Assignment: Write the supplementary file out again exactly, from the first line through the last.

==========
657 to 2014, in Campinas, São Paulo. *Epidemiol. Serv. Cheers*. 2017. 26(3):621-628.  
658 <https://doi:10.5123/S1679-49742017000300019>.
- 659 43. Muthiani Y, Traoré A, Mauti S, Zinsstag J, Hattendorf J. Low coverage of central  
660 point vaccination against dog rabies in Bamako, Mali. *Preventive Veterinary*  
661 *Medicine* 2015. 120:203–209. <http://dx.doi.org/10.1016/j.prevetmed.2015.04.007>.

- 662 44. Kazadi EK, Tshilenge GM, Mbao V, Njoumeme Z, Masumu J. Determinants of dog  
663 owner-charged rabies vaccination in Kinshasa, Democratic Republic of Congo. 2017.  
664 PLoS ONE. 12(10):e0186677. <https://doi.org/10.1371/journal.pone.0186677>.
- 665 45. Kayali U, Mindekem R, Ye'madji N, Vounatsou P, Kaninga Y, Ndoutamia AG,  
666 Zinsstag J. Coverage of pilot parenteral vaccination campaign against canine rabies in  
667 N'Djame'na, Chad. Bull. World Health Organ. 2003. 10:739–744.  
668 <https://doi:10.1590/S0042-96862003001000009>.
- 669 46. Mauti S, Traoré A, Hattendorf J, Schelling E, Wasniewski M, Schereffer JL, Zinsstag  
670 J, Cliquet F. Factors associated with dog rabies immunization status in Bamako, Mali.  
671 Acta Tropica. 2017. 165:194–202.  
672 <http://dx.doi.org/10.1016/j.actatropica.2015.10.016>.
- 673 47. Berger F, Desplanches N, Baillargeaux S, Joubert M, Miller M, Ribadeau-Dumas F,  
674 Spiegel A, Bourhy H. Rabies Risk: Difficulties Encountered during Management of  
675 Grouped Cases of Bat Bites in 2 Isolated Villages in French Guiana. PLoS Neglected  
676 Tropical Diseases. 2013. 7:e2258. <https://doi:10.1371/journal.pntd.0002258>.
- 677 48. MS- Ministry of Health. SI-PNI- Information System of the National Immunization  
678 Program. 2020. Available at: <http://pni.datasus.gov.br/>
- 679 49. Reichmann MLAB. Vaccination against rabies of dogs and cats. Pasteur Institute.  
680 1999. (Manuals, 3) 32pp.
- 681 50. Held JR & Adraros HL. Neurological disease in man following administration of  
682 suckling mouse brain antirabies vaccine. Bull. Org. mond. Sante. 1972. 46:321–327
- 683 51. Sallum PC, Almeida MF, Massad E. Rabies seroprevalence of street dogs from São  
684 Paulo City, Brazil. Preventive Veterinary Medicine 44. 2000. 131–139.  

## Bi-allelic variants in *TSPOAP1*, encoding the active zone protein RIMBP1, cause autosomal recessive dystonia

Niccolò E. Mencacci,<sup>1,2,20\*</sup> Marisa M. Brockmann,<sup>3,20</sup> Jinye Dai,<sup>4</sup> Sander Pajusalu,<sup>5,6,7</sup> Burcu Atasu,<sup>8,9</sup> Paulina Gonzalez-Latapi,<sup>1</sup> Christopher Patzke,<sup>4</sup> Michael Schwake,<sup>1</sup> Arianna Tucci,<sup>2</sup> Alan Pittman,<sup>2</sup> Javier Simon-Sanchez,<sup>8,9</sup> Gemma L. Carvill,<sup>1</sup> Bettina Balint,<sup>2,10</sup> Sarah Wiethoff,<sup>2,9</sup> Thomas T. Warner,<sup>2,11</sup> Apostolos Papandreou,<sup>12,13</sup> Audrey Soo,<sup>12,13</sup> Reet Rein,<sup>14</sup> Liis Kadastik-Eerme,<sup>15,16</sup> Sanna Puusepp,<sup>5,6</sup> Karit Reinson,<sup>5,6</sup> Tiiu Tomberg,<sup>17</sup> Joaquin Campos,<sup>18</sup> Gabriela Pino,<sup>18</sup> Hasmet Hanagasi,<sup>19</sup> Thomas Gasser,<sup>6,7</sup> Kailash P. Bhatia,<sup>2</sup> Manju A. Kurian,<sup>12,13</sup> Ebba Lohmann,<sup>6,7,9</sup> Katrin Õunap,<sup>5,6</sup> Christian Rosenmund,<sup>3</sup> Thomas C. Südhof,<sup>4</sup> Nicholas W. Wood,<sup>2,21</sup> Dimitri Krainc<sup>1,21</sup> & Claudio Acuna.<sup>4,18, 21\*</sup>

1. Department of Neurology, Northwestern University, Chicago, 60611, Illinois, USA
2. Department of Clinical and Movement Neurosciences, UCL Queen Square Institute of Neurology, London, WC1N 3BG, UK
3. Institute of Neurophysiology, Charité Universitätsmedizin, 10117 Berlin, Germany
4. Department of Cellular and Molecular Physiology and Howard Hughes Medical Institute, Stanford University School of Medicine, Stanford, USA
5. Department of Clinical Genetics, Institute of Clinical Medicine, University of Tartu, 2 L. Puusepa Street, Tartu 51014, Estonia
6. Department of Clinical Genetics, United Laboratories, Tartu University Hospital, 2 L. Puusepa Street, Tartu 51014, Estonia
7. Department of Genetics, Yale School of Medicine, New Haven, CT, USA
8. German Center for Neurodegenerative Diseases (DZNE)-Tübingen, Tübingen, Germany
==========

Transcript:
657 to 2014, in Campinas, São Paulo. *Epidemiol. Serv. Cheers*. 2017. 26(3):621-628.  
658 <https://doi:10.5123/S1679-49742017000300019>.
- 659 43. Muthiani Y, Traoré A, Mauti S, Zinsstag J, Hattendorf J. Low coverage of central  
660 point vaccination against dog rabies in Bamako, Mali. *Preventive Veterinary*  
661 *Medicine* 2015. 120:203–209. <http://dx.doi.org/10.1016/j.prevetmed.2015.04.007>.

- 662 44. Kazadi EK, Tshilenge GM, Mbao V, Njoumeme Z, Masumu J. Determinants of dog  
663 owner-charged rabies vaccination in Kinshasa, Democratic Republic of Congo. 2017.  
664 PLoS ONE. 12(10):e0186677. <https://doi.org/10.1371/journal.pone.0186677>.
- 665 45. Kayali U, Mindekem R, Ye'madji N, Vounatsou P, Kaninga Y, Ndoutamia AG,  
666 Zinsstag J. Coverage of pilot parenteral vaccination campaign against canine rabies in  
667 N'Djame'na, Chad. Bull. World Health Organ. 2003. 10:739–744.  
668 <https://doi:10.1590/S0042-96862003001000009>.
- 669 46. Mauti S, Traoré A, Hattendorf J, Schelling E, Wasniewski M, Schereffer JL, Zinsstag  
670 J, Cliquet F. Factors associated with dog rabies immunization status in Bamako, Mali.  
671 Acta Tropica. 2017. 165:194–202.  
672 <http://dx.doi.org/10.1016/j.actatropica.2015.10.016>.
- 673 47. Berger F, Desplanches N, Baillargeaux S, Joubert M, Miller M, Ribadeau-Dumas F,  
674 Spiegel A, Bourhy H. Rabies Risk: Difficulties Encountered during Management of  
675 Grouped Cases of Bat Bites in 2 Isolated Villages in French Guiana. PLoS Neglected  
676 Tropical Diseases. 2013. 7:e2258. <https://doi:10.1371/journal.pntd.0002258>.
- 677 48. MS- Ministry of Health. SI-PNI- Information System of the National Immunization  
678 Program. 2020. Available at: <http://pni.datasus.gov.br/>
- 679 49. Reichmann MLAB. Vaccination against rabies of dogs and cats. Pasteur Institute.  
680 1999. (Manuals, 3) 32pp.
- 681 50. Held JR & Adraros HL. Neurological disease in man following administration of  
682 suckling mouse brain antirabies vaccine. Bull. Org. mond. Sante. 1972. 46:321–327
- 683 51. Sallum PC, Almeida MF, Massad E. Rabies seroprevalence of street dogs from São  
684 Paulo City, Brazil. Preventive Veterinary Medicine 44. 2000. 131–139.  

## Bi-allelic variants in *TSPOAP1*, encoding the active zone protein RIMBP1, cause autosomal recessive dystonia

Niccolò E. Mencacci,<sup>1,2,20\*</sup> Marisa M. Brockmann,<sup>3,20</sup> Jinye Dai,<sup>4</sup> Sander Pajusalu,<sup>5,6,7</sup> Burcu Atasu,<sup>8,9</sup> Paulina Gonzalez-Latapi,<sup>1</sup> Christopher Patzke,<sup>4</sup> Michael Schwake,<sup>1</sup> Arianna Tucci,<sup>2</sup> Alan Pittman,<sup>2</sup> Javier Simon-Sanchez,<sup>8,9</sup> Gemma L. Carvill,<sup>1</sup> Bettina Balint,<sup>2,10</sup> Sarah Wiethoff,<sup>2,9</sup> Thomas T. Warner,<sup>2,11</sup> Apostolos Papandreou,<sup>12,13</sup> Audrey Soo,<sup>12,13</sup> Reet Rein,<sup>14</sup> Liis Kadastik-Eerme,<sup>15,16</sup> Sanna Puusepp,<sup>5,6</sup> Karit Reinson,<sup>5,6</sup> Tiiu Tomberg,<sup>17</sup> Joaquin Campos,<sup>18</sup> Gabriela Pino,<sup>18</sup> Hasmet Hanagasi,<sup>19</sup> Thomas Gasser,<sup>6,7</sup> Kailash P. Bhatia,<sup>2</sup> Manju A. Kurian,<sup>12,13</sup> Ebba Lohmann,<sup>6,7,9</sup> Katrin Õunap,<sup>5,6</sup> Christian Rosenmund,<sup>3</sup> Thomas C. Südhof,<sup>4</sup> Nicholas W. Wood,<sup>2,21</sup> Dimitri Krainc<sup>1,21</sup> & Claudio Acuna.<sup>4,18, 21\*</sup>

1. Department of Neurology, Northwestern University, Chicago, 60611, Illinois, USA
2. Department of Clinical and Movement Neurosciences, UCL Queen Square Institute of Neurology, London, WC1N 3BG, UK
3. Institute of Neurophysiology, Charité Universitätsmedizin, 10117 Berlin, Germany
4. Department of Cellular and Molecular Physiology and Howard Hughes Medical Institute, Stanford University School of Medicine, Stanford, USA
5. Department of Clinical Genetics, Institute of Clinical Medicine, University of Tartu, 2 L. Puusepa Street, Tartu 51014, Estonia
6. Department of Clinical Genetics, United Laboratories, Tartu University Hospital, 2 L. Puusepa Street, Tartu 51014, Estonia
7. Department of Genetics, Yale School of Medicine, New Haven, CT, USA
8. German Center for Neurodegenerative Diseases (DZNE)-Tübingen, Tübingen, Germany